Police on Monday arrested a man they think is one of several con artists preying on Spokane’s elderly.
Ronald Blevins, 34, of Spokane, was being held in the county jail on a charge of first-degree theft by deception in a sewer-repair scheme. Detectives are looking for other people they believe have preyed on elderly residents recently.
Many criminals see warmer temperatures and blooming foliage as an opportunity to defraud senior citizens, Spokane police detective Cheryl Graves said.
Several senior citizens have reported being duped by people promising work they never deliver, she said.
The detective said she suspects there are many more victims who haven’t called police for fear of embarrassment.
“Some people feel foolish,” said Graves, who encouraged all victims to call police. “If they tell us, we can do something about it.”
At least three people have complained about a man who tells homeowners there is a problem with their sewer line or septic tank and that he can fix it, Graves said.
He collects their money - in one case $600 - and leaves without doing any work, she said.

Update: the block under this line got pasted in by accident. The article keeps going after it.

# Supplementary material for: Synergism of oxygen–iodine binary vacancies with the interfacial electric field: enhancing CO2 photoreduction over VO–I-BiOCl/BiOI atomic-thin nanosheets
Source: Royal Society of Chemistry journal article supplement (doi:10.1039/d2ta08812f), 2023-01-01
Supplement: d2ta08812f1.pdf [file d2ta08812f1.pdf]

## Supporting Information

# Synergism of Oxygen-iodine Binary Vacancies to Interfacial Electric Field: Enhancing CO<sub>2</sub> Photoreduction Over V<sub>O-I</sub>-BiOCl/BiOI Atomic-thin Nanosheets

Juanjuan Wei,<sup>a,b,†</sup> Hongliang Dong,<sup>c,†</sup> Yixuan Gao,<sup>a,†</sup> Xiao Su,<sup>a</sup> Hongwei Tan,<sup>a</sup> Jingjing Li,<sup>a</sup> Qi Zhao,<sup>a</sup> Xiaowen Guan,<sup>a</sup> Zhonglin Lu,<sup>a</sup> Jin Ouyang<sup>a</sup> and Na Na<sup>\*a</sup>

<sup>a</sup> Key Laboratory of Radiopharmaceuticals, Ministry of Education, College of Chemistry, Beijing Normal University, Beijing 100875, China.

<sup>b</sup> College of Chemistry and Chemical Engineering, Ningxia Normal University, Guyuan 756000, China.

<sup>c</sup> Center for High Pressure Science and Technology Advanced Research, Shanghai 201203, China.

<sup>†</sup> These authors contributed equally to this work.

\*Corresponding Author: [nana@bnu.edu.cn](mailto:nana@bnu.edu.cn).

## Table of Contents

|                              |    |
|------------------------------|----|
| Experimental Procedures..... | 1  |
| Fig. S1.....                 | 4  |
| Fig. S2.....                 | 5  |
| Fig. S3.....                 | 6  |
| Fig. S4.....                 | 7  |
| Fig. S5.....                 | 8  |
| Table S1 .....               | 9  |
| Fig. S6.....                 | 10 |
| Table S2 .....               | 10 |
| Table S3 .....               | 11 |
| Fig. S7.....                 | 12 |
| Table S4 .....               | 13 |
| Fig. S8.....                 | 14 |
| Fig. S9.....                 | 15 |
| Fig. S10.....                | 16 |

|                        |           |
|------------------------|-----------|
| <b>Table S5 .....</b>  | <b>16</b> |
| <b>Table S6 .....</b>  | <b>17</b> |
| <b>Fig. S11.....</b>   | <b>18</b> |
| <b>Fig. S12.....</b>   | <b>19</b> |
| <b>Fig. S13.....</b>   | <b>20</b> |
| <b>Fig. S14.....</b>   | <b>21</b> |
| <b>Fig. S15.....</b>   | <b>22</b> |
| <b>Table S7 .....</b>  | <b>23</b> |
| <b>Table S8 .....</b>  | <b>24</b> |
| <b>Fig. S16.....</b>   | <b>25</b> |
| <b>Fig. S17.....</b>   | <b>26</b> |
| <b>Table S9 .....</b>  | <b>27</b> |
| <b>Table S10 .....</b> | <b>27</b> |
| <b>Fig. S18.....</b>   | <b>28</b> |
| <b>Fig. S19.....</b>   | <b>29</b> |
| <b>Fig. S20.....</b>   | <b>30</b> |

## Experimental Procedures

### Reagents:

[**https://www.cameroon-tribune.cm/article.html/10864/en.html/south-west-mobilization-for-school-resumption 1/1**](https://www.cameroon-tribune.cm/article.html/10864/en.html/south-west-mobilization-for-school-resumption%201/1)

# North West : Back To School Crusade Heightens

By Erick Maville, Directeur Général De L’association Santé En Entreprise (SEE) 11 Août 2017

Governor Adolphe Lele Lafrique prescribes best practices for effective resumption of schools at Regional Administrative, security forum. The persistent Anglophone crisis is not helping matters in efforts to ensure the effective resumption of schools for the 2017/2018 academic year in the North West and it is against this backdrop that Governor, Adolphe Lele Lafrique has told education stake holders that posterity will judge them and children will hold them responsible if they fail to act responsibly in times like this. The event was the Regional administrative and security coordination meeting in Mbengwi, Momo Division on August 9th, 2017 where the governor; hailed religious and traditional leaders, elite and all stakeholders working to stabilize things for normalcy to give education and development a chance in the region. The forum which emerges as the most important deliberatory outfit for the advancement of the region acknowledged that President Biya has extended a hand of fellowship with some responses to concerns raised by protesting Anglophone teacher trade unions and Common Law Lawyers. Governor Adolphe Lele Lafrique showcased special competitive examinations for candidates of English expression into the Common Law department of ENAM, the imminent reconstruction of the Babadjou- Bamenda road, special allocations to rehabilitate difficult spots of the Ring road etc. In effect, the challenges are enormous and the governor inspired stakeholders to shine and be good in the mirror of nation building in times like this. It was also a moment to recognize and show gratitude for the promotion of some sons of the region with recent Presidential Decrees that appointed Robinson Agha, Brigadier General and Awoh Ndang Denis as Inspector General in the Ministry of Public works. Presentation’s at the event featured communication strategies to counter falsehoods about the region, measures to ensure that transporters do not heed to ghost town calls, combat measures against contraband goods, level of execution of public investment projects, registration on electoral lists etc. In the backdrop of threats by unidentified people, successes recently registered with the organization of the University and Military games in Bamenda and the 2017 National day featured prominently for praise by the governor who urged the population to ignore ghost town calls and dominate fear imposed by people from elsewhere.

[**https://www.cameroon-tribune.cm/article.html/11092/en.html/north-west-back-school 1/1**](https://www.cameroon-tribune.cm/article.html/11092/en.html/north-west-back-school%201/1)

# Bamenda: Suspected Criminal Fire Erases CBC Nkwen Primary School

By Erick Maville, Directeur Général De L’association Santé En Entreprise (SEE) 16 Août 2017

Police think Blevins was that man in at least one case.
He has an extensive criminal history in Spokane County, including several arrests for theft, according to court documents.
Several other elderly people have been hit by criminals who promise to do yard work, then either don’t do it or do a shoddy job. Either way, they charge exorbitant fees ranging upwards of $500, Graves said.
Sometimes they collect the money upfront, telling victims they need to rent tools to complete the work, she said.
“That should be a clue right then,” Graves said. “Reputable people have their own tools and equipment.”
Graves said the crooks often pick potential victims by cruising the streets and watching people come and go from their homes. “A lot of it is done just by knocking on the door.”
She encouraged anyone who has been victimized to call Crime Check at 456-2233.
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MEMO: This sidebar appeared with the story: Avoiding scams Police encourage people to: Ask to see a business license or surety bond. Reputable companies should have either or both. Ask for references. Get the names and telephone numbers of at least three satisfied customers. Be alert. Someone without tools is likely a con artist. Don’t pay in advance. Call around for an estimate from another firm and inspect the work before handing over the check. Get a description. Write down what a suspected con artist looks like, what kind of car he or she is driving and its license plate. Call police.